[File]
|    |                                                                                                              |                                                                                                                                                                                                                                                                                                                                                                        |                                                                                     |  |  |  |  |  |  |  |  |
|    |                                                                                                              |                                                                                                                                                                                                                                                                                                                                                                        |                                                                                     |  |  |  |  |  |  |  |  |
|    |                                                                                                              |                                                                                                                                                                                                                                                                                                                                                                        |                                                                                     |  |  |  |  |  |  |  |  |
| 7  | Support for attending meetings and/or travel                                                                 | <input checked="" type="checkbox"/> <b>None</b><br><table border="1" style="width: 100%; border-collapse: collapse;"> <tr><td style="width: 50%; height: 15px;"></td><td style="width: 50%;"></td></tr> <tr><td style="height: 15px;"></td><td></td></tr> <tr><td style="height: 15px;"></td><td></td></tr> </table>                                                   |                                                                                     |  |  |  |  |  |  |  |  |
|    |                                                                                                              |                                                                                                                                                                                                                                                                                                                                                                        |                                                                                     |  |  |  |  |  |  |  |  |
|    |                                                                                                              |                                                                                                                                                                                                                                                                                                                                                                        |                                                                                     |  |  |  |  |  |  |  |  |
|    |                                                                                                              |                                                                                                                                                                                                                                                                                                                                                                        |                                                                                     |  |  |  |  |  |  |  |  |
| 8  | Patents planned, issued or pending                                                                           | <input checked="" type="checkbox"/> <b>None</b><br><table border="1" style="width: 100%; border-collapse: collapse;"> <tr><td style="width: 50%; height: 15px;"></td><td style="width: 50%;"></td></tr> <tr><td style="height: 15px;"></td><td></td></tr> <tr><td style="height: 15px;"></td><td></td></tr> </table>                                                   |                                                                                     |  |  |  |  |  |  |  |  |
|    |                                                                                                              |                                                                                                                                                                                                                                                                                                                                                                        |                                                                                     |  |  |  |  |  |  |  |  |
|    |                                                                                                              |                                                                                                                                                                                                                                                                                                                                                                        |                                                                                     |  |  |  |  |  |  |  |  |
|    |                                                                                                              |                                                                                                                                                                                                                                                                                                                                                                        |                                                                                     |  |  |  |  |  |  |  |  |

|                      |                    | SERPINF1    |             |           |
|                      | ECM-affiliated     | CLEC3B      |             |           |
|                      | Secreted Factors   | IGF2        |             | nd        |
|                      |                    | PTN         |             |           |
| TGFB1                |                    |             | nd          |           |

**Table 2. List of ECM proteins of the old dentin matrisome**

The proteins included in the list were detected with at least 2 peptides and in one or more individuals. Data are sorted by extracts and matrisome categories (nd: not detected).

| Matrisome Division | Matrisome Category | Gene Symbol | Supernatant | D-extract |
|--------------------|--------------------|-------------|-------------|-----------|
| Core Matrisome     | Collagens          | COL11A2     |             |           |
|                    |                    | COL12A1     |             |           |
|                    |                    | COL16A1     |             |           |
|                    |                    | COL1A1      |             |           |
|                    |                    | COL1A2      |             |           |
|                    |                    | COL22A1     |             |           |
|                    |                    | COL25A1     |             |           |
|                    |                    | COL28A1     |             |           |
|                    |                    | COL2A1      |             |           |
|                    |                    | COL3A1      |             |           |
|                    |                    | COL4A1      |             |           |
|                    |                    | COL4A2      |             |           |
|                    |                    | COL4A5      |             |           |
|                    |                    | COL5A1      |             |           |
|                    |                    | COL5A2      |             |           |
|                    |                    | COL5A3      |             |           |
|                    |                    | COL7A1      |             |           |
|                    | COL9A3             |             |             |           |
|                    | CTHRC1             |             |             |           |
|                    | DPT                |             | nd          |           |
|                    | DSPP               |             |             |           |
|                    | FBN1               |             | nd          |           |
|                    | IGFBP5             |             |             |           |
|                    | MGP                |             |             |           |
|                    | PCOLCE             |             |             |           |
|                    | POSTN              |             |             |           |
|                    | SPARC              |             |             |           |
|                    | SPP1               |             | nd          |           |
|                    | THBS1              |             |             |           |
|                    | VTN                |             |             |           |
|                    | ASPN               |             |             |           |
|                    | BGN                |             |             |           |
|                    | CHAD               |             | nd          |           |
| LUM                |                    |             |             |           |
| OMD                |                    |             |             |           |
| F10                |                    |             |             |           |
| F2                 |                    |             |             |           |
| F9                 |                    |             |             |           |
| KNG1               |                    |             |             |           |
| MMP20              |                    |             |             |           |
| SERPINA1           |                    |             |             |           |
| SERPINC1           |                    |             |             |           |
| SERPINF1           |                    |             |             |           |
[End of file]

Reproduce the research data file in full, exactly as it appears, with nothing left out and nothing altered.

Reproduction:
|    |                                                                                                              |                                                                                                                                                                                                                                                                                                                                                                        |                                                                                     |  |  |  |  |  |  |  |  |
|    |                                                                                                              |                                                                                                                                                                                                                                                                                                                                                                        |                                                                                     |  |  |  |  |  |  |  |  |
|    |                                                                                                              |                                                                                                                                                                                                                                                                                                                                                                        |                                                                                     |  |  |  |  |  |  |  |  |
| 7  | Support for attending meetings and/or travel                                                                 | <input checked="" type="checkbox"/> <b>None</b><br><table border="1" style="width: 100%; border-collapse: collapse;"> <tr><td style="width: 50%; height: 15px;"></td><td style="width: 50%;"></td></tr> <tr><td style="height: 15px;"></td><td></td></tr> <tr><td style="height: 15px;"></td><td></td></tr> </table>                                                   |                                                                                     |  |  |  |  |  |  |  |  |
|    |                                                                                                              |                                                                                                                                                                                                                                                                                                                                                                        |                                                                                     |  |  |  |  |  |  |  |  |
|    |                                                                                                              |                                                                                                                                                                                                                                                                                                                                                                        |                                                                                     |  |  |  |  |  |  |  |  |
|    |                                                                                                              |                                                                                                                                                                                                                                                                                                                                                                        |                                                                                     |  |  |  |  |  |  |  |  |
| 8  | Patents planned, issued or pending                                                                           | <input checked="" type="checkbox"/> <b>None</b><br><table border="1" style="width: 100%; border-collapse: collapse;"> <tr><td style="width: 50%; height: 15px;"></td><td style="width: 50%;"></td></tr> <tr><td style="height: 15px;"></td><td></td></tr> <tr><td style="height: 15px;"></td><td></td></tr> </table>                                                   |                                                                                     |  |  |  |  |  |  |  |  |
|    |                                                                                                              |                                                                                                                                                                                                                                                                                                                                                                        |                                                                                     |  |  |  |  |  |  |  |  |
|    |                                                                                                              |                                                                                                                                                                                                                                                                                                                                                                        |                                                                                     |  |  |  |  |  |  |  |  |
|    |                                                                                                              |                                                                                                                                                                                                                                                                                                                                                                        |                                                                                     |  |  |  |  |  |  |  |  |

|                      |                    | SERPINF1    |             |           |
|                      | ECM-affiliated     | CLEC3B      |             |           |
|                      | Secreted Factors   | IGF2        |             | nd        |
|                      |                    | PTN         |             |           |
| TGFB1                |                    |             | nd          |           |

**Table 2. List of ECM proteins of the old dentin matrisome**

The proteins included in the list were detected with at least 2 peptides and in one or more individuals. Data are sorted by extracts and matrisome categories (nd: not detected).

| Matrisome Division | Matrisome Category | Gene Symbol | Supernatant | D-extract |
|--------------------|--------------------|-------------|-------------|-----------|
| Core Matrisome     | Collagens          | COL11A2     |             |           |
|                    |                    | COL12A1     |             |           |
|                    |                    | COL16A1     |             |           |
|                    |                    | COL1A1      |             |           |
|                    |                    | COL1A2      |             |           |
|                    |                    | COL22A1     |             |           |
|                    |                    | COL25A1     |             |           |
|                    |                    | COL28A1     |             |           |
|                    |                    | COL2A1      |             |           |
|                    |                    | COL3A1      |             |           |
|                    |                    | COL4A1      |             |           |
|                    |                    | COL4A2      |             |           |
|                    |                    | COL4A5      |             |           |
|                    |                    | COL5A1      |             |           |
|                    |                    | COL5A2      |             |           |
|                    |                    | COL5A3      |             |           |
|                    |                    | COL7A1      |             |           |
|                    | COL9A3             |             |             |           |
|                    | CTHRC1             |             |             |           |
|                    | DPT                |             | nd          |           |
|                    | DSPP               |             |             |           |
|                    | FBN1               |             | nd          |           |
|                    | IGFBP5             |             |             |           |
|                    | MGP                |             |             |           |
|                    | PCOLCE             |             |             |           |
|                    | POSTN              |             |             |           |
|                    | SPARC              |             |             |           |
|                    | SPP1               |             | nd          |           |
|                    | THBS1              |             |             |           |
|                    | VTN                |             |             |           |
|                    | ASPN               |             |             |           |
|                    | BGN                |             |             |           |
|                    | CHAD               |             | nd          |           |
| LUM                |                    |             |             |           |
| OMD                |                    |             |             |           |
| F10                |                    |             |             |           |
| F2                 |                    |             |             |           |
| F9                 |                    |             |             |           |
| KNG1               |                    |             |             |           |
| MMP20              |                    |             |             |           |
| SERPINA1           |                    |             |             |           |
| SERPINC1           |                    |             |             |           |
| SERPINF1           |                    |             |             |           |